Following on From JDK 8 which was the previous Long Term Support release of Java, we now have JDK 11 which is the new and latest Long Term Support release of Java.
There has been quite a few changes in Java 11, both to the language and the features as well as to the licensing and distribution of the JDK.
If we leave the language and feature changes to one side for the moment, I want to go through changes to JDK 11, its continued development, distribution and licensing.
So here is how everything is organized for Java 11:
There is an open source repository which is essentially the Open JDK 11 source code repository.
From this source code repository, a number of vendors derive binary builds.
One of the vendors is Oracle, which creates the Oracle JDK binary build, based on the Open JDK source code.
The Oracle JDK can be found on the oracle website https://java.oracle.com and this is the JDK which most of us have been using up to now.
Oracle also creates a second set of binary builds from the same Open JDK repository, which cannot be found on the Oracle website but instead are hosted on java.net website
So there are two different builds of exactly the same thing. The only difference between these two builds is the licensing.
The one on the Oracle website has an Oracle license (BCL) which means that you have to pay Oracle if you use it in production but the one on the java.net website is GPL licensed which means that you can use it for free.
I will come back to the licensing...
Oracle is not the only vendor that provides JDK binaries, there are other vendors and organizations that also create binary builds of the JDK.
There is a community project that creates Adopt Open JDK.
They check out the same source code and build binaries and host it on their website.
So you can go to their website, chose your platform and chose the JDK version and download and use it for free https://adoptopenjdk.net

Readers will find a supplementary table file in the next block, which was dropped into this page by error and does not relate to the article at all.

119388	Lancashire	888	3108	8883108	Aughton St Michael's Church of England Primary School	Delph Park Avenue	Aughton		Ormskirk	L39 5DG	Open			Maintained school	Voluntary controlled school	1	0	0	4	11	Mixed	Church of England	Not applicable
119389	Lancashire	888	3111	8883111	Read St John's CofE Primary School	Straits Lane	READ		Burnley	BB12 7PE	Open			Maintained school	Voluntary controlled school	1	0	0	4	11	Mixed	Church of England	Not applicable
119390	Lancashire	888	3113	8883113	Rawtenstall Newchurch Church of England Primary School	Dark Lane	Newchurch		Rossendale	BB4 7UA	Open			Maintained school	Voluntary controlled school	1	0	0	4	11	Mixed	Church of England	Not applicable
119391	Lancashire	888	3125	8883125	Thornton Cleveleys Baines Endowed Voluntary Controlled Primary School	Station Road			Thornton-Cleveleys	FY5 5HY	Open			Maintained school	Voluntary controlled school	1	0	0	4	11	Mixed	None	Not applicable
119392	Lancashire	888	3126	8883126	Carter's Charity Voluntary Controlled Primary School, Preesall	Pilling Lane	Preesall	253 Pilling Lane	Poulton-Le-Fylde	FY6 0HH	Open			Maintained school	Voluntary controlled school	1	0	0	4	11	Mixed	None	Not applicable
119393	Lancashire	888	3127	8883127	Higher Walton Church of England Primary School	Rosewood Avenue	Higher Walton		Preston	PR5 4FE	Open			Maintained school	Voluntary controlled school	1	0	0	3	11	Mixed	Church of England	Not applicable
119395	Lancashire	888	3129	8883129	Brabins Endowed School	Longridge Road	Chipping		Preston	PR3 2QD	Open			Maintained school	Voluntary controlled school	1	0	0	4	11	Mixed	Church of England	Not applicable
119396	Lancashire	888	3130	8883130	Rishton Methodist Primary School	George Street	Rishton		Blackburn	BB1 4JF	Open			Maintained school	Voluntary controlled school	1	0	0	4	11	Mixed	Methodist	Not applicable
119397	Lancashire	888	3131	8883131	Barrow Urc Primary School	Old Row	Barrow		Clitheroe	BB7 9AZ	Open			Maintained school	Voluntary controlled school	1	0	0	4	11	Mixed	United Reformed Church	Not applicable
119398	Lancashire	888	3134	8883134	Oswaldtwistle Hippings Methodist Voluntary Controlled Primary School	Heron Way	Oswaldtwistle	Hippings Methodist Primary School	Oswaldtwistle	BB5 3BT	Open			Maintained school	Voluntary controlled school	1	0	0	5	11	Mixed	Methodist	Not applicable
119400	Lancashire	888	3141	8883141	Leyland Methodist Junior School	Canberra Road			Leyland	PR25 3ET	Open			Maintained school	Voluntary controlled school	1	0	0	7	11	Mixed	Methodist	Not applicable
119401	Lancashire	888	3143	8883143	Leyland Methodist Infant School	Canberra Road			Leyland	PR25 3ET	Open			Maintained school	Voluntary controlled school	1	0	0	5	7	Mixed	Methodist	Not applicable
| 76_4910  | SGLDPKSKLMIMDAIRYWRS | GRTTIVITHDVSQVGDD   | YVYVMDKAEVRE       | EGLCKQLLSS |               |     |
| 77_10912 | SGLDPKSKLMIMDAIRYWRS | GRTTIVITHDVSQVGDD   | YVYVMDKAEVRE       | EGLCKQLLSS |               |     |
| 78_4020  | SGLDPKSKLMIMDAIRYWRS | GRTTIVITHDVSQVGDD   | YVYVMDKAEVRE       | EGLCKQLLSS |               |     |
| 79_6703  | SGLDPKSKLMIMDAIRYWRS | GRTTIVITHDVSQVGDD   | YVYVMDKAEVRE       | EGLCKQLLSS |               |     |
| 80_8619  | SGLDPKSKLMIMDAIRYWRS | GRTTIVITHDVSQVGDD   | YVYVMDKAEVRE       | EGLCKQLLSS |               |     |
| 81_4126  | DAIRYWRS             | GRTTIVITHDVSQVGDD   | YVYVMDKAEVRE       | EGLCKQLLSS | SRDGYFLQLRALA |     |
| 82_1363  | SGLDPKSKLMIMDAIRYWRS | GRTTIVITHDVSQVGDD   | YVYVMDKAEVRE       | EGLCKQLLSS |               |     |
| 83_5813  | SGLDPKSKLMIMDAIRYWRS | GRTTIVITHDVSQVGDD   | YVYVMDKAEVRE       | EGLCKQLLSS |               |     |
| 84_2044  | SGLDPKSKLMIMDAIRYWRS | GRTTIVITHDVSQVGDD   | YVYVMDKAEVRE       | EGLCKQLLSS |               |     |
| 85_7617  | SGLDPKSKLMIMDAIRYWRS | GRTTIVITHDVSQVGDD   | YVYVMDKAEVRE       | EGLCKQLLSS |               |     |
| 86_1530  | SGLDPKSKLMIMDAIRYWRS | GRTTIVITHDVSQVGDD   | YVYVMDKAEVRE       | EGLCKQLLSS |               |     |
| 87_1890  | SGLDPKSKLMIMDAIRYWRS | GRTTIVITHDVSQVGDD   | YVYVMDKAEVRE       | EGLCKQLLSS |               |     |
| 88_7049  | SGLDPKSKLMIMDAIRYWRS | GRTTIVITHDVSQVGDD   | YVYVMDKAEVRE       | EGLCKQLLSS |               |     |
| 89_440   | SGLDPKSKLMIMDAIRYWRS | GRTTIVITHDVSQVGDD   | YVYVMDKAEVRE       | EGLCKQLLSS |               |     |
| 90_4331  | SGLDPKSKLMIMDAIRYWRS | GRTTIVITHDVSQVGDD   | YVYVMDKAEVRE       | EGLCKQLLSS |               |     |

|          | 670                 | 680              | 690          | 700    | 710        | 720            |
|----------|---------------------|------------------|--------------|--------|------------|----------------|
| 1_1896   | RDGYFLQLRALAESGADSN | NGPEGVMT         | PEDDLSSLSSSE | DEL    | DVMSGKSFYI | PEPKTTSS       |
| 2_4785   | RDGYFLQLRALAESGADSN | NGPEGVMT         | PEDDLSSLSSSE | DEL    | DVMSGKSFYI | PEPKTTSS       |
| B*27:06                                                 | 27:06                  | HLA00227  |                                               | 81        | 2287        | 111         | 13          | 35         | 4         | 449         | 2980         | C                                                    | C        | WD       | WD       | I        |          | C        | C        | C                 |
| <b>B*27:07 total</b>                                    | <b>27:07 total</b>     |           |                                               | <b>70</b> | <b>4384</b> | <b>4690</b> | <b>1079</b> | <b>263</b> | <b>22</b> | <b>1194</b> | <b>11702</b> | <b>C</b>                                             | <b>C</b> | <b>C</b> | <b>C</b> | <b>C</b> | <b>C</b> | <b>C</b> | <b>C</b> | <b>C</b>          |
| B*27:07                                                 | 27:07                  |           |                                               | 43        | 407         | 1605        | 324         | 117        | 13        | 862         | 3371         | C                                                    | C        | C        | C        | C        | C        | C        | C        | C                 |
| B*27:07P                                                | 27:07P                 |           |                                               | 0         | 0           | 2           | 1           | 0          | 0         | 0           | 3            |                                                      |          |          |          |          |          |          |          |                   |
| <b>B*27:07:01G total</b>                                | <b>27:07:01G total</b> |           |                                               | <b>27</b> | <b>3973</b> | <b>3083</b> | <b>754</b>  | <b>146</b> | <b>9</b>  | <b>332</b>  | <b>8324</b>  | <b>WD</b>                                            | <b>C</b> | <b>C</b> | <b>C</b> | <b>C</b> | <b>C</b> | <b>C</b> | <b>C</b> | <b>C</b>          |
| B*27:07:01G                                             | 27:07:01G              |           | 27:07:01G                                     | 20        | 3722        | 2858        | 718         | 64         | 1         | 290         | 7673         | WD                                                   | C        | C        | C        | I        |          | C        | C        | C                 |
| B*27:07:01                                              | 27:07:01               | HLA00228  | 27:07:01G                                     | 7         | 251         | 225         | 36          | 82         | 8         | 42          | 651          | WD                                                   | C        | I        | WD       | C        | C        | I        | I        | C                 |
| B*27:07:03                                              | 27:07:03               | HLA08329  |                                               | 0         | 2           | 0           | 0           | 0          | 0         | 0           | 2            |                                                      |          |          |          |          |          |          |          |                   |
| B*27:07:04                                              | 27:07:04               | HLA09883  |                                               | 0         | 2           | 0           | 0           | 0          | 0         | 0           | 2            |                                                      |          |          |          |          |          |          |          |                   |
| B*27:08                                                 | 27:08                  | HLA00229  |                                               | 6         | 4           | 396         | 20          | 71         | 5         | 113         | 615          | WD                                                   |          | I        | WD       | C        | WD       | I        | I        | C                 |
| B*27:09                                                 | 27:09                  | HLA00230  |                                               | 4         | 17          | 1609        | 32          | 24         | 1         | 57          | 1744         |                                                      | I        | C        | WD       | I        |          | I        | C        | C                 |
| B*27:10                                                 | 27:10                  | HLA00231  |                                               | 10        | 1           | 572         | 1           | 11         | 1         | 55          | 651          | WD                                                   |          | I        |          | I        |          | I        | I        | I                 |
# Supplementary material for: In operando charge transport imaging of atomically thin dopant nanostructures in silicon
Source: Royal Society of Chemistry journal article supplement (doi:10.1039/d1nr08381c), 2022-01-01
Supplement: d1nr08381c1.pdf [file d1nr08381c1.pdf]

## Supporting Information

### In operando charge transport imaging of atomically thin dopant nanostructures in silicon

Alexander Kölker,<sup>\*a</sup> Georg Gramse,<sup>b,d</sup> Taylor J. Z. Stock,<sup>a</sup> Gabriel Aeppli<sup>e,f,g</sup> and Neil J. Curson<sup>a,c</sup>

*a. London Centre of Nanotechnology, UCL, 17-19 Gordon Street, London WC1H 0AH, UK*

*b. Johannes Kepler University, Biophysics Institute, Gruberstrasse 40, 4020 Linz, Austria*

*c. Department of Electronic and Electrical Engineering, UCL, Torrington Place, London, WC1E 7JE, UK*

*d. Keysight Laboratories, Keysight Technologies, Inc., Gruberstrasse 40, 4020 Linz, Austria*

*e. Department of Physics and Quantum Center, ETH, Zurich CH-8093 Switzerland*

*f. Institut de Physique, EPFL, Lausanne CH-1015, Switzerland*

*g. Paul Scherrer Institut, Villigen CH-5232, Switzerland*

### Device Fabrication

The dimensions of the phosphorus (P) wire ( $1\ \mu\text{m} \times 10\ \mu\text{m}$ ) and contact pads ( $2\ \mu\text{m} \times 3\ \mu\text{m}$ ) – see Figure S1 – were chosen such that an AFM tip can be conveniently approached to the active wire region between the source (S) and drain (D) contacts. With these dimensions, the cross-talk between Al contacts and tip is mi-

RedHat is another vendor that check out the source code from the official OpenJDK repository. They add their changes to the source code.
I believe they develop their own garbage collector which they bundle with their build. So they build the RedHat JDK Binary.
Azul is yet another vendor which does the same thing. They checkout the source code and build their own binaries.
IBM also does the same thing.
Amazon is also contributing to the Long Term Support of JDK 11 but only for their Linux distribution which is heavily used on all services that are available through Amazon Web Services.
In fact, you can even do this yourself if you need to. You can download the source code to your local machine and build your own JDK based on the OpenJDK source code.
So, what has changed in the Java 11 JDK is the licensing.
The Open JDK binaries that are built by Oracle and hosted on java.net are GPL licensed.
The Oracle JDK binary which is hosted on the Oracle website is now released with a different license called the Oracle Binary Code License or BCL for short which is what I am using in this diagram. This license is different to what you used to accept when you downloaded JDK 8, 9 and 10.
The new and changed Oracle license for Java 11 requires you to pay Oracle if you use the Oracle JDK in production.
So, if you download the Oracle JDK from the Oracle website and use it in production you have to pay Oracle.
But if you download the Open JDK from java.net then it is free to use in production because it is licensed under GPL. However, once the next version of Java is released which is version 12, Oracle will not back port updates or patches to the Open JDK repository for Java 11 nor will it update the binary builds that are hosted on java.net.
So you have two options, either you upgrade to Java 12 which means a lot of work and is not in the spirit of having a Long Term Support version of Java or you continue to use Java 11 despite the risk of security vulnerabilities and lack of bug fixes...
I am going to repeat this, for emphasis;
Oracle is not planning to support their GPL licensed JDK once the next version of Java is released, which means no back-porting of any security patches or fixes to JDK 11. New patches will only be applied to the next version of Java which is Java 12.
This will essentially makes it meaningless to use the OpenJDK binary builds that are hosted on java.net as the Java version which has Long Term Support.
RedHat and Azul are also likely to want to charge you for some form of support in return for updates to their JDK 11 build.
So this leaves it up to the community to back-port the fixes to the source code repository which can then be used for building binaries by anyone. RedHat has allocated a number of software engineers to take on this work. So they will back port security patches and bug fixes to the official Open JDK source code repository.